While the concept of operations exercise is typically conducted to help key leaders evaluate alternatives and establish directional guidance on the major business integration issues such as what will be done with specific product, facility, functional, system, process and organizational issues, a similar exercise should also be conducted with respect to culture.

For example, at the Strategy Summit, a “cultural concept of operations” would evaluate both qualitative and quantitative culture assessment data gathered during the targeting and due diligence phases and review key findings, potential flashpoints and a gap assessment on key cultural attributes. But instead of focusing the discussion on “right / wrong” or “us / them” comparisons, this session can only be effective when specific directional decisions are made with respect to the desired “to-be” culture.

For illustration purposes, how do both organizations compare on key cultural attributes such as customer orientation, performance accountability, visionary leadership, workforce engagement and degree of collaboration? And specifically, what should we do in each cultural attribute to move the combined entity toward high-performance? In each attribute – and the associated cultural practices designed to establish that attribute – should we preserve, leverage, consolidate, integrate or transform? In what time frame? What are the legitimate best practices that the combined entity can adopt and leverage for maximum success? What values and behavioral expectations need to be recast to support the cultural objectives, etc?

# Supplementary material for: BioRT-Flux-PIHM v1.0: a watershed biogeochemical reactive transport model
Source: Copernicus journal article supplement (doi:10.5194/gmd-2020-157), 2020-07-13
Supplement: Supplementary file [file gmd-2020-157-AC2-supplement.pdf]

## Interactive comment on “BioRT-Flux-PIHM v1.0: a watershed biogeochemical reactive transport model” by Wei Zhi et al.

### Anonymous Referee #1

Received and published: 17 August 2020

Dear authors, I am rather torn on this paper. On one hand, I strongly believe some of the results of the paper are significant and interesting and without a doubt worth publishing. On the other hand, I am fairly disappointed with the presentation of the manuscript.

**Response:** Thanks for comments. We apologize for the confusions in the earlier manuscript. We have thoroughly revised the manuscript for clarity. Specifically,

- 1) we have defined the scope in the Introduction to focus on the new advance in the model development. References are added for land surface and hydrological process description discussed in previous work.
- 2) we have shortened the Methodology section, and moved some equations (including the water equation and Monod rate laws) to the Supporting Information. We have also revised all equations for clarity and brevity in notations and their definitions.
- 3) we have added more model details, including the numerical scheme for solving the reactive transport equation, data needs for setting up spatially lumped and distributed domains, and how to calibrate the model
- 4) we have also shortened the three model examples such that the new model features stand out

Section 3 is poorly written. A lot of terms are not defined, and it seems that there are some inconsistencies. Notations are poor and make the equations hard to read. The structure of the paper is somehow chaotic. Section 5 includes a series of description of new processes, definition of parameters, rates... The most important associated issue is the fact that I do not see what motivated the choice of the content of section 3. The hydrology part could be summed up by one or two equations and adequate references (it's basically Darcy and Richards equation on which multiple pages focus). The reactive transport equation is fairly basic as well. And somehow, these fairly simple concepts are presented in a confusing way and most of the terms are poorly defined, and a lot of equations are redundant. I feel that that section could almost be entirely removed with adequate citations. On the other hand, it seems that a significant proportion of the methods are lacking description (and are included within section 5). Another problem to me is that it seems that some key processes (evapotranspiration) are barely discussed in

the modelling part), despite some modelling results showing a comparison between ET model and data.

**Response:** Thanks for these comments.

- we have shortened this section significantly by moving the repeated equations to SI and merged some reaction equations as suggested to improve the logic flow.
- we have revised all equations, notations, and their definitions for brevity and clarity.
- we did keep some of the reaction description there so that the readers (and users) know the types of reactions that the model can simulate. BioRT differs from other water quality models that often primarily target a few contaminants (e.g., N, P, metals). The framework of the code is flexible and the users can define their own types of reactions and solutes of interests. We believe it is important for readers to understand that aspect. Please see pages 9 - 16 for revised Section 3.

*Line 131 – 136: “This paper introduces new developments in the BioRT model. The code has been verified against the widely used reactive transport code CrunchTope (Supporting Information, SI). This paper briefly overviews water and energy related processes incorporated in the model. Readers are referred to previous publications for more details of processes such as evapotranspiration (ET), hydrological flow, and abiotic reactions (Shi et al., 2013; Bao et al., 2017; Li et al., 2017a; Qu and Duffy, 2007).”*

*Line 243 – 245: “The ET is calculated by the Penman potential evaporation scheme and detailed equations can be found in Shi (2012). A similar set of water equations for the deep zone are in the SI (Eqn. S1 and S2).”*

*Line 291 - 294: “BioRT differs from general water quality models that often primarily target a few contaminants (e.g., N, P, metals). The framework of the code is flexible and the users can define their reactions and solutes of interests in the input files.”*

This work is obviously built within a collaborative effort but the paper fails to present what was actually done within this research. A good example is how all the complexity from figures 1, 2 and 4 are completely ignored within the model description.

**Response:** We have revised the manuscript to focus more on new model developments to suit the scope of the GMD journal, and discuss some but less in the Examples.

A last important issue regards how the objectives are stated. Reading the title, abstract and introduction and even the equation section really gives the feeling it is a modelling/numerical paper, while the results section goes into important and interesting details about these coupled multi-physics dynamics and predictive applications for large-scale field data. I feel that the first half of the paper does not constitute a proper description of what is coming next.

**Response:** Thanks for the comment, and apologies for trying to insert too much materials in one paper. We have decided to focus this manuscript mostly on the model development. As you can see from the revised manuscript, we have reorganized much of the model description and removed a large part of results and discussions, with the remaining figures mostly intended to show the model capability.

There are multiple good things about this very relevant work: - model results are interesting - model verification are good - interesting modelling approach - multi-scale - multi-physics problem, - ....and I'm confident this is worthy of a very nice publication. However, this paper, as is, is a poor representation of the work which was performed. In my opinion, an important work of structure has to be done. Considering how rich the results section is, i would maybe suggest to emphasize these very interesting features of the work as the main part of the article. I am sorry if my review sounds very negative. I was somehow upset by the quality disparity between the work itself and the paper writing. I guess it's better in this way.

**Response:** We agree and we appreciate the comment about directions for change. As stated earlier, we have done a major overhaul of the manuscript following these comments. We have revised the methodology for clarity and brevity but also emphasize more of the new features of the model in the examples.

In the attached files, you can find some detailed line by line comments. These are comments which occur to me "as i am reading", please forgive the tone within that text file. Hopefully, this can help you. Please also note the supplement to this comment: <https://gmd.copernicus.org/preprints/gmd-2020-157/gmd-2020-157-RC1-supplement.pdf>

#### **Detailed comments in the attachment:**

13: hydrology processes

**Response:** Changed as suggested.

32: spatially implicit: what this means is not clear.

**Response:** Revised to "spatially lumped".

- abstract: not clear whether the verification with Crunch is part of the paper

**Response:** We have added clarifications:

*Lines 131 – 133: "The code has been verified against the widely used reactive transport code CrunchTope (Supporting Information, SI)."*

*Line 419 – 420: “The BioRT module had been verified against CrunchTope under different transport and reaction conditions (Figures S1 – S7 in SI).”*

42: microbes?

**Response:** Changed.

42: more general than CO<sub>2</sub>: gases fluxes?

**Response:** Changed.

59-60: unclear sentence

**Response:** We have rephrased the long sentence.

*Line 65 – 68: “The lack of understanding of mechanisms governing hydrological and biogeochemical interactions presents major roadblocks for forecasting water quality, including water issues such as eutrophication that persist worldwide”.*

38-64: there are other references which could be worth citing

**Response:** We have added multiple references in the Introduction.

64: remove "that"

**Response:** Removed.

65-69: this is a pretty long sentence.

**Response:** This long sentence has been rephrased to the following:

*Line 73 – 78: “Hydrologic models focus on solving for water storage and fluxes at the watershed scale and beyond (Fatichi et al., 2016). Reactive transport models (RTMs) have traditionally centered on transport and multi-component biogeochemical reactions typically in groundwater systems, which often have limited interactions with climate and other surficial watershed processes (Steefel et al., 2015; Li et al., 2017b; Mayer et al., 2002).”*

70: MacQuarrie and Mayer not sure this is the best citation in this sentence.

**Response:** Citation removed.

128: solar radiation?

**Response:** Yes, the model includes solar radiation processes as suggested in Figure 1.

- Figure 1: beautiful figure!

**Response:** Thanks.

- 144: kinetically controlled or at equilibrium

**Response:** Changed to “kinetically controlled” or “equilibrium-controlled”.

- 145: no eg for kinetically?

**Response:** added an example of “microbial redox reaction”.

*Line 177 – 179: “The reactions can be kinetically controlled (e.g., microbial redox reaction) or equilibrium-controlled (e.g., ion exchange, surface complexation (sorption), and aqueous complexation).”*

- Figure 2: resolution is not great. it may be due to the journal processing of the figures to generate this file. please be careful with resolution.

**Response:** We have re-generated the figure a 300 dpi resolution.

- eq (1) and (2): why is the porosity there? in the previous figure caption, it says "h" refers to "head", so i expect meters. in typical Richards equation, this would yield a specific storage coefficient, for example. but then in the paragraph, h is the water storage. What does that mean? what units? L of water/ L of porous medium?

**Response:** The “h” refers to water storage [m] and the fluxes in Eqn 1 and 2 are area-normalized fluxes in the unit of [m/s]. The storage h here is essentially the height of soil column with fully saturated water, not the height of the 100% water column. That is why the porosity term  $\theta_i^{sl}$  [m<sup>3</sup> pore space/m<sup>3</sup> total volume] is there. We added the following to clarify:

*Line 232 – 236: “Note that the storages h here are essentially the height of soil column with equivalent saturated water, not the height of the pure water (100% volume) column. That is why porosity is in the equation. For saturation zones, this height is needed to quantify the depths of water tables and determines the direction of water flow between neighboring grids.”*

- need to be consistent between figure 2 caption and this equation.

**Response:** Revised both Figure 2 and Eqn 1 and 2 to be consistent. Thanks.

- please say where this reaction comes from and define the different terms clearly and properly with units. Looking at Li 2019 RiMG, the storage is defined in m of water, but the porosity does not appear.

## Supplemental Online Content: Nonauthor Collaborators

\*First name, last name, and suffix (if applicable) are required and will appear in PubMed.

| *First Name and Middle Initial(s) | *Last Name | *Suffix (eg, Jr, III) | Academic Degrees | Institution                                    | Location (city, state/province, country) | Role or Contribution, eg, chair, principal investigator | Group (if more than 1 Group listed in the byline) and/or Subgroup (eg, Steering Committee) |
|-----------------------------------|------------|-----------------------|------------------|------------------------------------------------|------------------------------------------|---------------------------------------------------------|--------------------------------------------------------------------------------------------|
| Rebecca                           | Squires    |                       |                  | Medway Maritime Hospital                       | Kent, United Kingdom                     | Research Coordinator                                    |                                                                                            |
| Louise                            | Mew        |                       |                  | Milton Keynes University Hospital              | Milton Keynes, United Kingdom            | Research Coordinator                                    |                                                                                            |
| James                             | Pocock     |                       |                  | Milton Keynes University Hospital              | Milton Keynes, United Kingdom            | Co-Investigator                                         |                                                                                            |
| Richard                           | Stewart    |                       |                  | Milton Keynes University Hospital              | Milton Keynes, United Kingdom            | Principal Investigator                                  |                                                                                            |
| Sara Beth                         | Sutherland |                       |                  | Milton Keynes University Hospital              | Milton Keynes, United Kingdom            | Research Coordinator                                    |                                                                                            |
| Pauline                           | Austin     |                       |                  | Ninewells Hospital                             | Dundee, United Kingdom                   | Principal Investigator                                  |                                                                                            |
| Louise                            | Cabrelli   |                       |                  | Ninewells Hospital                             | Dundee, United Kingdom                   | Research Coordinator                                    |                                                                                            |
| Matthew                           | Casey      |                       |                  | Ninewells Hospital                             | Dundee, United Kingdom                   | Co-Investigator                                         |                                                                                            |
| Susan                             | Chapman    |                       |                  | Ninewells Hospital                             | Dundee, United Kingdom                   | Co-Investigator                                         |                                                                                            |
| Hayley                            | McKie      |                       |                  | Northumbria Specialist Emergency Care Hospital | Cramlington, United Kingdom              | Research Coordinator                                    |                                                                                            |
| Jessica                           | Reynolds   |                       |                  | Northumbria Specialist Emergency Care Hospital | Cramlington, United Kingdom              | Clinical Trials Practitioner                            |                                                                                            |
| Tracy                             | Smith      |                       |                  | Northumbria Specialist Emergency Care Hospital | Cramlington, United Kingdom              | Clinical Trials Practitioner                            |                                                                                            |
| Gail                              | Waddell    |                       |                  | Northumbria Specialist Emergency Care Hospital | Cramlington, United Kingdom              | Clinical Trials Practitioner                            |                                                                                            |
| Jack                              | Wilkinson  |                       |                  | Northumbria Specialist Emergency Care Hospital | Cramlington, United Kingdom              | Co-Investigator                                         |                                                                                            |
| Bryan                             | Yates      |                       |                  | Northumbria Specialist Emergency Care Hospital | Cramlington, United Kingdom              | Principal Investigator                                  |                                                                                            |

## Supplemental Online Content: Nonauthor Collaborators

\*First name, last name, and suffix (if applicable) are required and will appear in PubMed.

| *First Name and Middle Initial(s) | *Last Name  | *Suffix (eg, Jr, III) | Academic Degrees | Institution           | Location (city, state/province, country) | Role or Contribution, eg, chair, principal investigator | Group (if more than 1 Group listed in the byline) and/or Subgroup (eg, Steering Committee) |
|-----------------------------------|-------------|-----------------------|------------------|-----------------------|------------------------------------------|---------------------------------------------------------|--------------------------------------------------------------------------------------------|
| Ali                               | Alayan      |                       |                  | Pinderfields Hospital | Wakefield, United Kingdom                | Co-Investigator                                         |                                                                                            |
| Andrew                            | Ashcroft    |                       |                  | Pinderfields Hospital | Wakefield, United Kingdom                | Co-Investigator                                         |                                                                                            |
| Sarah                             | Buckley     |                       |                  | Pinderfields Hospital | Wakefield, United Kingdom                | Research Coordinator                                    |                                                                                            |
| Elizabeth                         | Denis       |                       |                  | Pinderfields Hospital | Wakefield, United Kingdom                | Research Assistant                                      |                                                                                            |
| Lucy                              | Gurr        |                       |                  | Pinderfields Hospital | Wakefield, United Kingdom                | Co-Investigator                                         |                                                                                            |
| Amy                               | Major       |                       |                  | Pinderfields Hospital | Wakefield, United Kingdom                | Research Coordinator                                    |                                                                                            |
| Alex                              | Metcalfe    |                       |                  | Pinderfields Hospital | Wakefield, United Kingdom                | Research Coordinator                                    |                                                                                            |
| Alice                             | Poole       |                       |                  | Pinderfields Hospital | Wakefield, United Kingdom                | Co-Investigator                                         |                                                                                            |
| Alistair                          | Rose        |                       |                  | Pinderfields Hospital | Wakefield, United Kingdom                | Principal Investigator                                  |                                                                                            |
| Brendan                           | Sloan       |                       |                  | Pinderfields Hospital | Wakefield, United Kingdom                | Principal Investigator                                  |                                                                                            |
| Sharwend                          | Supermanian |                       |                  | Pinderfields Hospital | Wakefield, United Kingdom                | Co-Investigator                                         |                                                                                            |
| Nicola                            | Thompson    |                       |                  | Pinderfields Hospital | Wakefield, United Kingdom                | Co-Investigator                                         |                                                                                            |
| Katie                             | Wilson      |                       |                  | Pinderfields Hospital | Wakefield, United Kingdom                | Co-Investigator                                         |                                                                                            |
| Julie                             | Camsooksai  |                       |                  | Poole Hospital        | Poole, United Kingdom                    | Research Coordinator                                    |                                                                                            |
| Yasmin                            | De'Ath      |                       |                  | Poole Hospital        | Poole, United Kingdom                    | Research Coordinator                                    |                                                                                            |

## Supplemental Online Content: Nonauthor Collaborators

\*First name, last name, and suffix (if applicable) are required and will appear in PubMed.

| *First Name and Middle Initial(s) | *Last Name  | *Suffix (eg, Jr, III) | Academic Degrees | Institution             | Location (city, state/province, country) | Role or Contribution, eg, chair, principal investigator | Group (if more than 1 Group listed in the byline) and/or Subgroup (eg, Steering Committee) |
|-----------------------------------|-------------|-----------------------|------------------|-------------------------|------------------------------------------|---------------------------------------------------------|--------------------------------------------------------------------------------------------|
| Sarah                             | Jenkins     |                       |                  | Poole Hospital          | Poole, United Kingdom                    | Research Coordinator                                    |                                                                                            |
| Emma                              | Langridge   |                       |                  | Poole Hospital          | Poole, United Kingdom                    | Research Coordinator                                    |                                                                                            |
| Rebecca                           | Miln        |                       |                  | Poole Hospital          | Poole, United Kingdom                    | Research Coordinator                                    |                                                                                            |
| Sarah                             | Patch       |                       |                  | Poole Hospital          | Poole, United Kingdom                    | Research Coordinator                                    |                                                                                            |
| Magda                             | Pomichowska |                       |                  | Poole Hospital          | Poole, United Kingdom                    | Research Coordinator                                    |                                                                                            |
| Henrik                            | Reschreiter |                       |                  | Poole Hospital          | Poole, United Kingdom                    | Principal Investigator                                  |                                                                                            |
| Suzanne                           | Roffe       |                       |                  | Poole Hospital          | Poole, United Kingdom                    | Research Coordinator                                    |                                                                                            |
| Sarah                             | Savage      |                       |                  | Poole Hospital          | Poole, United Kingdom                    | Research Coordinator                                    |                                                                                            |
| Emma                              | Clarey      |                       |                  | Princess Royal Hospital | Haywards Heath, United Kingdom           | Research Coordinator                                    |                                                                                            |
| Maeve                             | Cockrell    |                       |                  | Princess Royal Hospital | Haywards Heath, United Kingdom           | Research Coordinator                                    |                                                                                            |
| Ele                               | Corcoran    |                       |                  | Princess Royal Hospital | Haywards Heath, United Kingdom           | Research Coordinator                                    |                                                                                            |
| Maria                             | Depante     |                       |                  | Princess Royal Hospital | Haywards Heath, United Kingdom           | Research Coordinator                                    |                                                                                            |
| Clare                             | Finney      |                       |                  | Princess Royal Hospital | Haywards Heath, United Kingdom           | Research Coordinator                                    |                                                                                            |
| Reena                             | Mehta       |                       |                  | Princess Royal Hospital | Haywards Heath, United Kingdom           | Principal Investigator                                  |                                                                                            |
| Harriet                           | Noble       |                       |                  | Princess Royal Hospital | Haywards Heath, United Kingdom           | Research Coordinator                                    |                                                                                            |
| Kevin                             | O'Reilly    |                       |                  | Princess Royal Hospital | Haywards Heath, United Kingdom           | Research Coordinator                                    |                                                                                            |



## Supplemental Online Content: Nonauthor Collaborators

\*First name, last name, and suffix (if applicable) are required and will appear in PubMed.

3. Where should culture fit into the overall M&A integration governance/task force model?

First, it goes without saying that unless and until culture is adequately scoped into the overall due diligence and integration playbook, objectives and charters, any cultural effort is likely to be mostly overlooked and ineffective. Once culture is on the M&A agenda, however, where does it fit best? Again, as discussed above, we have seen varied responses to this. Sometimes HR writes this into their scope and charter, sometimes in communications and change management, and sometimes the IMO. But in our view, the ideal home is with the Executive Steering Committee.

If the Deal Sponsor, or equivalent role, owns culture, then the Executive Steering Committee is the natural location for managing culture assessment, development and integration efforts. While supported by the IMO and internal subject matter experts, the Executive Steering Committee should ideally be tasked with culture as a core responsibility and deliverable that they are accountable to the organization to drive and manage as they would with any other major integration objective.

Finally, as with any major change initiative, and as illustrated in this week’s downloadable resource, Leverage Points for Culture Integration & Change, winning with culture during M&A will require you to pull out all the stops and incorporate every aspect of a well-managed strategic initiative. In addition to the right culture leadership and senior level alignment, culture will only be successful when you establish how culture is essential to achieving your most important strategic imperatives and mission-critical business outcomes.

Add to that mix the extreme importance of coaching and supporting leaders through this process; providing superb change management, communications and training; implementing a variety of incentives and support systems to reinforce the desired behaviors; and, of course, metrics, feedback, fine tuning and accountability.